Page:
This Everyday Adventurer Says Being First Isn’t Everything
Most of us dream of a life beyond the 9-5, but Tim Moss actually acted on it in small ways and then bigger ones to go Around The World In 80 Ways, walk across Patagonia, make first ascents of remote Russian mountains, and cycle 13,000 miles
In our competitive, connected world it’s easy to think ‘biggest and best or nothing at all.’ But sometimes you need to look at your dreams laterally to bring them into reach. Tim Moss was working as an accountant when he started to think that life should have more to offer than the 9-5.
Rather than waiting for adventure to find him, he and his wife used their own ingenuity and imagination to seek it out. From brilliant ‘everyday adventure’ firsts like running the length of every tube line, to far flung adventures on mountains emerging from the old Soviet Union, Moss soon had a portfolio of adventures under his belt.
He has combined whimsical ideas like setting a World Record for the longest journey by rickshaw (it was 1,000 miles) with ambitious targets like the first ascent of a 6,000m peak in Kyrgyzstan – he admits to spending that trip terrified after self-arresting several falls down the steep snow with his ice axe. So, what does has a life of adventure told Moss about the benefits of pushing past your comfort zone?
We trekked across Wahiba Sands carrying our own water and it felt like we were on
Q: That said, you have done some first ascents of mountains too?
A: ‘I’ve done a few trips to try and climb new mountains but even at my peak I was never a pro climber, so the niche was finding mountains in obscure areas, like Russia’s Altai mountains. The novelty of it is not coming home and shouting that you are the first guy on this peak, but the exploratory feel. You don’t have a guide book so you don’t know if it’s easy or hard, or how to get up. I really like the feeling that you have to explore your own way.’
Q: Part of adventure is going outside your comfort zone, to explore your limits – is that important for you?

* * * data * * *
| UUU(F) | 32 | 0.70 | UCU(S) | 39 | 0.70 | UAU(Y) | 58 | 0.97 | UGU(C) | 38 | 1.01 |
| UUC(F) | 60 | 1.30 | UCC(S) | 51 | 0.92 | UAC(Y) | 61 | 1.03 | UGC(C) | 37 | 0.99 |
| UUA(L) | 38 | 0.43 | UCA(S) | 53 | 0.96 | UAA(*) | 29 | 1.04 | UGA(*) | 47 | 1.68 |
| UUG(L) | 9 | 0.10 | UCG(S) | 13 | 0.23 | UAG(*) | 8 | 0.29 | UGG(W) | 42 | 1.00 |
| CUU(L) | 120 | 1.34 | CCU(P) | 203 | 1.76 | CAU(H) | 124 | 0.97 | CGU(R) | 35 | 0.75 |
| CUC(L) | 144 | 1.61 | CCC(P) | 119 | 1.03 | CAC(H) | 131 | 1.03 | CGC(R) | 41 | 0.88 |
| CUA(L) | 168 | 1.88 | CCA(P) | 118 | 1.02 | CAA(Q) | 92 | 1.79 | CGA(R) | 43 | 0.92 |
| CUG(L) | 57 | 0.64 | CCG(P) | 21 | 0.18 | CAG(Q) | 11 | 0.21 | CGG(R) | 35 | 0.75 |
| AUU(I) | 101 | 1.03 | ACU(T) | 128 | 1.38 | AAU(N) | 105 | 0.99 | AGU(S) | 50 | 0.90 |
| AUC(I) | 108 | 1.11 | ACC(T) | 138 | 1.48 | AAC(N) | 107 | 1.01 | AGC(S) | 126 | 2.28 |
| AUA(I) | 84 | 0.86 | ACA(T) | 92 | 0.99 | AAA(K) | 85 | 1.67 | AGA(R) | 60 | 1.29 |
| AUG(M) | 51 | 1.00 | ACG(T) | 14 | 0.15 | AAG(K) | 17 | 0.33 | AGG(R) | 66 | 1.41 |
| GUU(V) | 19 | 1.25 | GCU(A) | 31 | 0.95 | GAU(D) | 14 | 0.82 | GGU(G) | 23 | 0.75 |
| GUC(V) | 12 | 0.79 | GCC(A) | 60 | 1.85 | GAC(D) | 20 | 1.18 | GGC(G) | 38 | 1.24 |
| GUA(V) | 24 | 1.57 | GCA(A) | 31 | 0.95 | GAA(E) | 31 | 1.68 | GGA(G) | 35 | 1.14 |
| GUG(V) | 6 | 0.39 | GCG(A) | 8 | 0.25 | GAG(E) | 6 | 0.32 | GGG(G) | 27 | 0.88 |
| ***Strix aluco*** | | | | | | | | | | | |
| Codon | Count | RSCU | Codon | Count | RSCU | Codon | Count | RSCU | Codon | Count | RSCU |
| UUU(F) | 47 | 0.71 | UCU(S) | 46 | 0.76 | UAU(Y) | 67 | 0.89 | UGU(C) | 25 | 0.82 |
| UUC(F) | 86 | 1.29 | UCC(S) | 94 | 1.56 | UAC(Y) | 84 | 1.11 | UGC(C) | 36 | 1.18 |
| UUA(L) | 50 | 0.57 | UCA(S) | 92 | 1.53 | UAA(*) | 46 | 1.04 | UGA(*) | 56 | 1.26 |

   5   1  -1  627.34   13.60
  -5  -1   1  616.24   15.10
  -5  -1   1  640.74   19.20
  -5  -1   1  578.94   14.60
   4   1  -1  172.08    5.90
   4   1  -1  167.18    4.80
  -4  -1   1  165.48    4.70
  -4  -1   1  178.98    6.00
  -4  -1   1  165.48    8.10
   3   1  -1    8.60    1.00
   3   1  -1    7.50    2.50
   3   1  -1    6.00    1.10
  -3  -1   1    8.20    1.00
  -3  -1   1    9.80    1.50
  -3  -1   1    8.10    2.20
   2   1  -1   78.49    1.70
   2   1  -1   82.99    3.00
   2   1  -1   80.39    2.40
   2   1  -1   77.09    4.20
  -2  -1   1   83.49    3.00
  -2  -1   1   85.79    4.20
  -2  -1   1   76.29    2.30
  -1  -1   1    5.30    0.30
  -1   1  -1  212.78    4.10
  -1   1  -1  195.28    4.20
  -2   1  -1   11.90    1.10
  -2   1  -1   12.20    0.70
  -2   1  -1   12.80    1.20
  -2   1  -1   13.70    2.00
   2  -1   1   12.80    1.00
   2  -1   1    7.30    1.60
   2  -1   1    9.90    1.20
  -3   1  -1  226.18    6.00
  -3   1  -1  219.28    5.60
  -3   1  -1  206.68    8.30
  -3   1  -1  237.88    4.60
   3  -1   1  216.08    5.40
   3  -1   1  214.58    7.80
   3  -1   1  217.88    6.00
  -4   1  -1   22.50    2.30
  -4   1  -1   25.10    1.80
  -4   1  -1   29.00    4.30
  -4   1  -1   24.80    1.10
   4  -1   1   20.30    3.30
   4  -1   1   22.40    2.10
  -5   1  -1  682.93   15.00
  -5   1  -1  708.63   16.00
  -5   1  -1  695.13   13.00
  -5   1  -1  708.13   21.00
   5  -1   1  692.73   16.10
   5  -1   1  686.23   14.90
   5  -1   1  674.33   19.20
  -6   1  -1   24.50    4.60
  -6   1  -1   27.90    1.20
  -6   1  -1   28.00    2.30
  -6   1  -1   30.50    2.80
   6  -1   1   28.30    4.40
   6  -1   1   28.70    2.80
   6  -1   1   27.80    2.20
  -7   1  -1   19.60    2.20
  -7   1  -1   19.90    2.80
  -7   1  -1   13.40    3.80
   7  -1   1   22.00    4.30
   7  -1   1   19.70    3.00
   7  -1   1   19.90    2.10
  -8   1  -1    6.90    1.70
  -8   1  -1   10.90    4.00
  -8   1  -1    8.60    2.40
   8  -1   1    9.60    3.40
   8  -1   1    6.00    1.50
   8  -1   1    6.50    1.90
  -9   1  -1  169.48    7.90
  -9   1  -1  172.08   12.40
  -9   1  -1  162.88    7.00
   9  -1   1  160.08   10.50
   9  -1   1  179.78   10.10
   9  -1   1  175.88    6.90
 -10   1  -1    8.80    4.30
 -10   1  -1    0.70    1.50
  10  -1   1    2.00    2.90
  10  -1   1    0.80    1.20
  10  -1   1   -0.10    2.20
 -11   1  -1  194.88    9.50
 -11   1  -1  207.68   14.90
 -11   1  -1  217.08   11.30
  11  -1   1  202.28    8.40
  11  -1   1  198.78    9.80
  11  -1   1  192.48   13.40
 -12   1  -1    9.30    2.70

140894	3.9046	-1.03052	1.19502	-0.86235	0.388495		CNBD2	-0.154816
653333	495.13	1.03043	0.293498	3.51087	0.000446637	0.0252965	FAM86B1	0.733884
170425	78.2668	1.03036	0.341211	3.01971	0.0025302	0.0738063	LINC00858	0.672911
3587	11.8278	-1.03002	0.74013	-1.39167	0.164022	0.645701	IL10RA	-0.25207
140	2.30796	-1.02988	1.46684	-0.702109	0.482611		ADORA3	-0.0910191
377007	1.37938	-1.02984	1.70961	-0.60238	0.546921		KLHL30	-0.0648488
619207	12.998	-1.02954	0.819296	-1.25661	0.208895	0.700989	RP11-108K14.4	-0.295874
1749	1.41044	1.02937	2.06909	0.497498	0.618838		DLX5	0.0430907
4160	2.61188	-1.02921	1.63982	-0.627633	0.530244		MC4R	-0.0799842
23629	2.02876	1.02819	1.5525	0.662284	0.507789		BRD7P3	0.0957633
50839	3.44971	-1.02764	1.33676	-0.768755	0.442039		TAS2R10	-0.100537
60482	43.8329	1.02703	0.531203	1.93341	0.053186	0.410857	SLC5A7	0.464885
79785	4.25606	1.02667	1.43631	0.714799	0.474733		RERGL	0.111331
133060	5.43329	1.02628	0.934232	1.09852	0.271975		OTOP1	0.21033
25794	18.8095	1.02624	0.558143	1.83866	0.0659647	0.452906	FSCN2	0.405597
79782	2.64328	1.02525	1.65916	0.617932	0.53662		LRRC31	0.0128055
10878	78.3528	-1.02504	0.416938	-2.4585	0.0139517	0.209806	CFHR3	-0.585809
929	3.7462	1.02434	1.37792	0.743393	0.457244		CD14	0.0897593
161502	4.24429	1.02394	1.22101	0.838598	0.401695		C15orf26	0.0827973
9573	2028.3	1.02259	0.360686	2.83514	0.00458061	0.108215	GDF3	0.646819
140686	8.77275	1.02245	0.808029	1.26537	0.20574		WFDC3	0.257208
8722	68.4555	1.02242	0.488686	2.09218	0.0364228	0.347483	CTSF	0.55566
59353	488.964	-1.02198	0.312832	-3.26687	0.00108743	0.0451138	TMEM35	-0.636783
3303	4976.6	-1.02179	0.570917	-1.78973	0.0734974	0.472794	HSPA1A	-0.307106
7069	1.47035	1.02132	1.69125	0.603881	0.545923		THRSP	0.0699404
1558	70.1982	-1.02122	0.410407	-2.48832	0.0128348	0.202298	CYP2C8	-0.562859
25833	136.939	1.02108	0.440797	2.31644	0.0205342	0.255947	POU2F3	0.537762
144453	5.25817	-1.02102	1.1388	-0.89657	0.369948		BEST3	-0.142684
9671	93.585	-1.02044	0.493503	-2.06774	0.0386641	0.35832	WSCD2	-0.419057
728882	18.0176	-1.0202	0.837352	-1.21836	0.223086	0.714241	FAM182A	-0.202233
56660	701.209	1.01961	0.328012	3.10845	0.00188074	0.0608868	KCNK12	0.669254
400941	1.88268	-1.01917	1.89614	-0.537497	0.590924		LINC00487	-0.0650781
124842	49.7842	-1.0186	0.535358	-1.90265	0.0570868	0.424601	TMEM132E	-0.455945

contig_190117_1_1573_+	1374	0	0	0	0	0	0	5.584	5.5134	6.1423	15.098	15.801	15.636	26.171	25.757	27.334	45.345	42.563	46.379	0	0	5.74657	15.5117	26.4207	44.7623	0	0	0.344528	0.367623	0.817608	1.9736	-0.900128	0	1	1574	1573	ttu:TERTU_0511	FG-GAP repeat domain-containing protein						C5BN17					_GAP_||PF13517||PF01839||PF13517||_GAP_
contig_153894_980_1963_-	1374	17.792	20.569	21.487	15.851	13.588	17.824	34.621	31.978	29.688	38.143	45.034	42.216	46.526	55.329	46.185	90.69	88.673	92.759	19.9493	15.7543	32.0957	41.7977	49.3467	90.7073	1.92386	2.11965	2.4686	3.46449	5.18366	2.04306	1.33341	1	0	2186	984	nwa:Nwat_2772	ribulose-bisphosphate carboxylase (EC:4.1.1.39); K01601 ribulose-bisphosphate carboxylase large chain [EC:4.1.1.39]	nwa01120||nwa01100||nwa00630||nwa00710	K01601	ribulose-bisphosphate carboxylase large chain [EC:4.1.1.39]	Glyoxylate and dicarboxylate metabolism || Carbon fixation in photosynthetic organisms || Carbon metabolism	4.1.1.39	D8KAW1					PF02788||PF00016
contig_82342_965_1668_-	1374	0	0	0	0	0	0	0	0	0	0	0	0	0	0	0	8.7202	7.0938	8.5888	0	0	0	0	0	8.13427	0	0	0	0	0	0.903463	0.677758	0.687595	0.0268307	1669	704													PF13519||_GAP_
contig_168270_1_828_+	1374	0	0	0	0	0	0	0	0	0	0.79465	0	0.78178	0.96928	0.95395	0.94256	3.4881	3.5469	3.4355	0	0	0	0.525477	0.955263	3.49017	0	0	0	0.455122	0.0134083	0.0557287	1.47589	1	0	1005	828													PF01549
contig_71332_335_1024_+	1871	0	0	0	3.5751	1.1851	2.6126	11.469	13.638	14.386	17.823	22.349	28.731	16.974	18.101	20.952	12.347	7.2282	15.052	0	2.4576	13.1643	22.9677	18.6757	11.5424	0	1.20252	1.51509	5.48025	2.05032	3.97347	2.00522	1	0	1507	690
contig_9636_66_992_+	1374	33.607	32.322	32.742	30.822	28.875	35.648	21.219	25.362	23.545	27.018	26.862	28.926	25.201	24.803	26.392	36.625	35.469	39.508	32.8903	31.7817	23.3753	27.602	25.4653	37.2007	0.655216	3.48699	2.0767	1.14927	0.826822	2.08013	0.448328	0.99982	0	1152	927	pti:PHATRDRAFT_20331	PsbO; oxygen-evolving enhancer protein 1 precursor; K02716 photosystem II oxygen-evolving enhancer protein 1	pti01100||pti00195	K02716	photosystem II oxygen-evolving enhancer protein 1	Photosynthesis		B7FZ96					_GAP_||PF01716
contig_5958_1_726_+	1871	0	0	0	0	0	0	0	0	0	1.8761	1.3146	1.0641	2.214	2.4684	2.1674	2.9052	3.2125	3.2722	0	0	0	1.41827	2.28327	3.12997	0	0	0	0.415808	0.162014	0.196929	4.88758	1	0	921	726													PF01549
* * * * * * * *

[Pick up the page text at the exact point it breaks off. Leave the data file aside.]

A: ‘I have explored physical limits, like cycling or walking up sand dunes carrying heavy packs – seeing how hard you can go and come out the other side. Sometimes pushing how much misery you can handle, how cold you can get or little you can eat, how long you can keep trudging on. There’s a sort of masochistic pleasure from doing that and then coming back to the modern world where everything is nice and easy – I enjoy that contrast.’
Q: We often associate adventure with isolation but what about the people you meet on a around the world trip?
A: ‘Yes, you also push personal, social limits. On our around the world cycling trip we spent so many nights staying with other people because you’re invited into their homes – one of the difficulties is being a polite guest in rural Turkey or wherever. I’m not a natural extrovert but I was spending night after night entertaining families and kids with Google Translate or my ukulele, stuff you’d never do in normal life, and I really enjoy that.’
Q: Can you pick out a particularly glorious moment in an adventure?
A: ‘One was in the Wahiba Sands. We timed it for a full moon so we could walk at night but during the day it must have been getting to 50°C. It was a real slog but I remember waking up on the final morning and stopping on top of a dune at sunrise. All we could see in any direction was rolling sand dunes. It was like another planet. You couldn’t see another soul and you just felt like the King of the World. I felt it was such a privilege – you could have driven there in a 4x4 and had the same view, but after walking there for two days you felt like you had earned it, and could really appreciate it.’
‘With The Sun On Our Right’, Tim Moss’s new book about his around the world cycle is now available from www.thenextchallenge.org/books/sun/